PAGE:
Side Hustles for Stay-at-Home Parents

Side Hustles allow me to stay home with my kids while still earning money.

If you’ve been a stay-at-home parent for any length of time, chances are that at some point, you’ve considered going back to work. But for whatever reasons, you keep deciding to stay. For me, there are many reasons. But even though I’ve decided to  stay home with my kids, that doesn’t mean I can’t work for pay, too. And the same is true for you. Enter side hustles.

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Personal Finance Blogs Worth Reading

Financial situation got you down? Ready to get your finances under control?

I’m no personal finance expert, but I’ve learned a thing or two over my short 36 years. I’ve been a broke (working) student, a laid-off employee, and a homeschooling mom of 3. I’ve worked 3 jobs and I’ve worked no paid jobs. I’ve written articles for pennies (or for nothing at all), and I’ve secured big clients on retainer. 

The times I was broke and the times I was doing well have one thing in common: no credit card debt. Make no mistake, I’ve had debt. I graduated with $35,000 of it. But I worked my rear end off, paid it all off within two years, and moved on. Currently, my only debt is the mortgage, and I feel good about where my family is financially. We’re not rich by any means, but we have everything we need. So I thought I’d share some of the things I’ve learned along the way.

First, some quick personal finance tips:

 

Personal Finance tips, coins in jars, www.marianamcdougall.com

 

1. Make debt repayment a priority

If you have debt, adjust your budget to have a large portion of your income going to debt repayment. Make a commitment to living debt-free, and get to work on paying your debt off as quickly as possible.

If you’re living from paycheque to paycheque and can barely pay your bills, it may seem impossible to repay your debt. But there are temporary measures that can help you conquer that mountain—although it’ll make you uncomfortable for a time.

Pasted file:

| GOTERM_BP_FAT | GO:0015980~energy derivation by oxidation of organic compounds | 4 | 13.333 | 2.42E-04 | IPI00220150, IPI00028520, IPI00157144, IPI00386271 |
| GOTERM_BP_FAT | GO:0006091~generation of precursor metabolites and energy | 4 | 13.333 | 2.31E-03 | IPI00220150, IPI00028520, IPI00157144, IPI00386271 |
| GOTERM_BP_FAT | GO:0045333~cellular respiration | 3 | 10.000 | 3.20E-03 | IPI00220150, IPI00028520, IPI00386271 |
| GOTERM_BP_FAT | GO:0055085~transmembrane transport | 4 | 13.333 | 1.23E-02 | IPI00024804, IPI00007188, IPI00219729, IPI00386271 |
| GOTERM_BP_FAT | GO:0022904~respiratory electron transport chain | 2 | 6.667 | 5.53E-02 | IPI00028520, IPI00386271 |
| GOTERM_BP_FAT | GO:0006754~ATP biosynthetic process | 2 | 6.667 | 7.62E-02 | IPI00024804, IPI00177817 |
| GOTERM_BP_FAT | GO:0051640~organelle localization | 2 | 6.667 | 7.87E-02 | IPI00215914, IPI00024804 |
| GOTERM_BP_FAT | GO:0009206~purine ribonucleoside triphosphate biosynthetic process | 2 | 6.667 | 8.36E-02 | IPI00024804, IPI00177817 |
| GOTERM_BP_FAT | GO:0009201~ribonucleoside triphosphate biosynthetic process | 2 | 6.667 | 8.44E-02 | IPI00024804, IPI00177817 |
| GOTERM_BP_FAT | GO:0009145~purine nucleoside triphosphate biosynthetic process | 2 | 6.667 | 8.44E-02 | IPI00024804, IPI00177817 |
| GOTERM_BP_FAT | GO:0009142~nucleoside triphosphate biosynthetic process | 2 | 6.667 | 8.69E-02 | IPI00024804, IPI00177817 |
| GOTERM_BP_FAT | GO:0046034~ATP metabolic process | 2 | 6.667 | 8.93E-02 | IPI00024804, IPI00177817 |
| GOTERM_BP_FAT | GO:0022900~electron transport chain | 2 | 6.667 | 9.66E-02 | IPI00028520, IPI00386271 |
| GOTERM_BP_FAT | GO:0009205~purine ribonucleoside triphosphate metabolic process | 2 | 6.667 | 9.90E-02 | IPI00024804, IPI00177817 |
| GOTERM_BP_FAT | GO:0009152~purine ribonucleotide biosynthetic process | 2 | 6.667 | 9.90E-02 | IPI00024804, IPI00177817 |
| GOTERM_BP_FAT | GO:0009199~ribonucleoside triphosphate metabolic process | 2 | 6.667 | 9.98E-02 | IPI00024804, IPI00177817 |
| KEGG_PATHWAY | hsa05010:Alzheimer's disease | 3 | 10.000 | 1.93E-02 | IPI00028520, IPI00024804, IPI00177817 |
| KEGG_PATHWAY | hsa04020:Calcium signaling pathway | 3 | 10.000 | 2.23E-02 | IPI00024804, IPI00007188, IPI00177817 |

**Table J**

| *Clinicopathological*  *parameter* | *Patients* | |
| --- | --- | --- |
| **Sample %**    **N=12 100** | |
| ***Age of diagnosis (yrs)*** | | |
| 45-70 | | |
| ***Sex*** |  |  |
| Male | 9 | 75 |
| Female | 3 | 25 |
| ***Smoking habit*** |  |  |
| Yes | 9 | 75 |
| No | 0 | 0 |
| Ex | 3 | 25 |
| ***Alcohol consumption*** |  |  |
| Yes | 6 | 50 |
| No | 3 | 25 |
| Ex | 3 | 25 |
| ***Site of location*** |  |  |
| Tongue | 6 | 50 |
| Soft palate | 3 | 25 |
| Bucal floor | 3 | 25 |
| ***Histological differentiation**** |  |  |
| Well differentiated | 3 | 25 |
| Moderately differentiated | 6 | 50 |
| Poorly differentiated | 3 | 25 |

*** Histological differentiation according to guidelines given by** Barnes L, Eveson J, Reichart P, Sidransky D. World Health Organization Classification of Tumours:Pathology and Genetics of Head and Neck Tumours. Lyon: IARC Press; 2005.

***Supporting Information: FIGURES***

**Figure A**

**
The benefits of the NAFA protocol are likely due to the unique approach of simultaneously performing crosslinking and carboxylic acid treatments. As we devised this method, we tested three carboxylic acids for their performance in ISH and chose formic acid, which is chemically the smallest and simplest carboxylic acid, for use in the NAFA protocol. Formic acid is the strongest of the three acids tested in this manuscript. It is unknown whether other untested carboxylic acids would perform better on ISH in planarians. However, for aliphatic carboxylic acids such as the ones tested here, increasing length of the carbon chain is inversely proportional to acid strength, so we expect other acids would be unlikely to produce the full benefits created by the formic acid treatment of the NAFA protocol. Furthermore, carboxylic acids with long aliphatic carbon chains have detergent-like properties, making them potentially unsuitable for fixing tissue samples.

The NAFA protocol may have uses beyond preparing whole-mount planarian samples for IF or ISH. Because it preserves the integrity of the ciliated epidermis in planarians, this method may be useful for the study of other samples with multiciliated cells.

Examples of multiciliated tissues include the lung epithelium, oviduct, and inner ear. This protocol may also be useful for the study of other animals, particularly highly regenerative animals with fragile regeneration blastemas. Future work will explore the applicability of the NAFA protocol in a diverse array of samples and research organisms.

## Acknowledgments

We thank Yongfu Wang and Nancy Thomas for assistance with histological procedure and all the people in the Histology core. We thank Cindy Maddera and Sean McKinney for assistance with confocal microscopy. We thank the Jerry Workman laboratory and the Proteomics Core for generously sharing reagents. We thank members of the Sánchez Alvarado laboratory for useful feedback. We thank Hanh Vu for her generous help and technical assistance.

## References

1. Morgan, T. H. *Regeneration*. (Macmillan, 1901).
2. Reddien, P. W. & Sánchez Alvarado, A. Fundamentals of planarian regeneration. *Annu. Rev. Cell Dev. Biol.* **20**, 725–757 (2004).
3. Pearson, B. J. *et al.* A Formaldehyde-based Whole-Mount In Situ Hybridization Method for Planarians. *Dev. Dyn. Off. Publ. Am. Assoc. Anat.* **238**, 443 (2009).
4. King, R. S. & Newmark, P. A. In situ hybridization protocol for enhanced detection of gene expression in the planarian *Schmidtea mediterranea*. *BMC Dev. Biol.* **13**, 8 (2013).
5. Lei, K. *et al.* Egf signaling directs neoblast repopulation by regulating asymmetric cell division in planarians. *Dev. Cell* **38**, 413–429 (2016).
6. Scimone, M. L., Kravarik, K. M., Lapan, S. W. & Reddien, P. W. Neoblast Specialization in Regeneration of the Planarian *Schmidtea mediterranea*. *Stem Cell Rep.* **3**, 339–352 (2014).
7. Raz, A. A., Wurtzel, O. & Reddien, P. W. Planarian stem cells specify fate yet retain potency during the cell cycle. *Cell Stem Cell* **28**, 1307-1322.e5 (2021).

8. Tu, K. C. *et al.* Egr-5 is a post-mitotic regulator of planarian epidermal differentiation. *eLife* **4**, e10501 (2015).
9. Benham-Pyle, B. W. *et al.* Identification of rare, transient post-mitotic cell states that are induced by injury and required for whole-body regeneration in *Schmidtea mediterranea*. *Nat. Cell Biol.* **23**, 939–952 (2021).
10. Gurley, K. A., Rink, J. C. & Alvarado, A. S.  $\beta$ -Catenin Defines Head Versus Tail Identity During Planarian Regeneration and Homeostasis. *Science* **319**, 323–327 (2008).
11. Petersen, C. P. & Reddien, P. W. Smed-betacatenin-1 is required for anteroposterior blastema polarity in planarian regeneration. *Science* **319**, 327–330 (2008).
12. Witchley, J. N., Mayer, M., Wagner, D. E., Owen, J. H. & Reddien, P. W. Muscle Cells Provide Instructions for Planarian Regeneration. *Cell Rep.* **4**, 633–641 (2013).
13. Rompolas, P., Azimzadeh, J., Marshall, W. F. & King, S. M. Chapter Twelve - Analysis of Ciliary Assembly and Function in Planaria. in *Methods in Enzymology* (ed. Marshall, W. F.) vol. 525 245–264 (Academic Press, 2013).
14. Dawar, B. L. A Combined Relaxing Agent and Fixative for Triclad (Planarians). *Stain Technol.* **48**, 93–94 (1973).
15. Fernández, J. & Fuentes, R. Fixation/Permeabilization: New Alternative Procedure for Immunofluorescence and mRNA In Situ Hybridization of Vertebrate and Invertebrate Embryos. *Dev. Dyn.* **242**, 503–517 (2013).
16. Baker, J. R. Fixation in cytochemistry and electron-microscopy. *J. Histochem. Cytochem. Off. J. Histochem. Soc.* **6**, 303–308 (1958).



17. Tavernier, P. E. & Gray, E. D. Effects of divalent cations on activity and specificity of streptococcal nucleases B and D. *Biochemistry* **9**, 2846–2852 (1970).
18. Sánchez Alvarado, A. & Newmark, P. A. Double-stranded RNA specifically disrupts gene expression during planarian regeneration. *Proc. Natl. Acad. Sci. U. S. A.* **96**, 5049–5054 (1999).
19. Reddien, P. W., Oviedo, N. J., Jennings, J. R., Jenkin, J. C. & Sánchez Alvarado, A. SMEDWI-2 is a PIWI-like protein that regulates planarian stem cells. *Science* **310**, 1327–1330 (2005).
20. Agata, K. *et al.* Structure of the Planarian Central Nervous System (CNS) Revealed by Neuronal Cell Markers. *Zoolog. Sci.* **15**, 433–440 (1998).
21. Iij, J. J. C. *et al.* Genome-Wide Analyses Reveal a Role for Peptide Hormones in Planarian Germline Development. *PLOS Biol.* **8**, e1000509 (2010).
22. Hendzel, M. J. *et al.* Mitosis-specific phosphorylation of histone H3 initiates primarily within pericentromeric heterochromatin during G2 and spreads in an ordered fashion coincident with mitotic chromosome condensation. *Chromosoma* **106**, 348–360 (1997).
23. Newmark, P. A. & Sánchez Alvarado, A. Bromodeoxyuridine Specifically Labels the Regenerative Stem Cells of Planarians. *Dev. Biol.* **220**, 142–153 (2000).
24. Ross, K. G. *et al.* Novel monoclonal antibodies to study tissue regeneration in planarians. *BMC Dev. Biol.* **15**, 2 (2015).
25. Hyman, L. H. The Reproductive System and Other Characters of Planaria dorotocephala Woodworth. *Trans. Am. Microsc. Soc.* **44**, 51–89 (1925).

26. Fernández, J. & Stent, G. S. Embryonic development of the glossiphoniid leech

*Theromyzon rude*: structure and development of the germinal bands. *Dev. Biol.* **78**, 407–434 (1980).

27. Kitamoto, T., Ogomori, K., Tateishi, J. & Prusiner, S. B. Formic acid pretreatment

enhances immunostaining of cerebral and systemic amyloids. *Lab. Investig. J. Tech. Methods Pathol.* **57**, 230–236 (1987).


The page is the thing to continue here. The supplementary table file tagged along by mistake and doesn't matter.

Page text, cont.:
Consider taking on a second job temporarily, starting a side hustle, and looking for coins under your couch. If you have a vehicle, price out what public transportation would cost and see if selling the vehicle would help (and make sure you buy a used car next time). Go around your house and find things to sell. Find a way.

2. Don’t buy anything unless you have the money in hand

One of the reasons so many people fall prey to the debt mountain is that they have a hard time saying no when the money’s not there. You must learn the difference between needs and wants, and between having money and not having it. A credit card is not money. You need to actually have cash in hand or money sitting in your bank account before you buy something.

If it helps, use a jar or envelope system. I personally don’t do well with cash—I lose it and I’m not great at recording expenses. Plus, I live in a country where there are no $1 bills (but there are $2 coins), which means you end up with a lot of coins—super easy to lose and a pain in the behind.

This is why I use YNAB. It connects to my bank accounts, so that anything I spend automatically comes out of my budget. At any given time, I know exactly how much money I have available for different things, and when someone asks me to do something impossibly expensive, I’m confident in saying, “it’s not in my budget.

3. Use credit cards for convenience and points, not credit.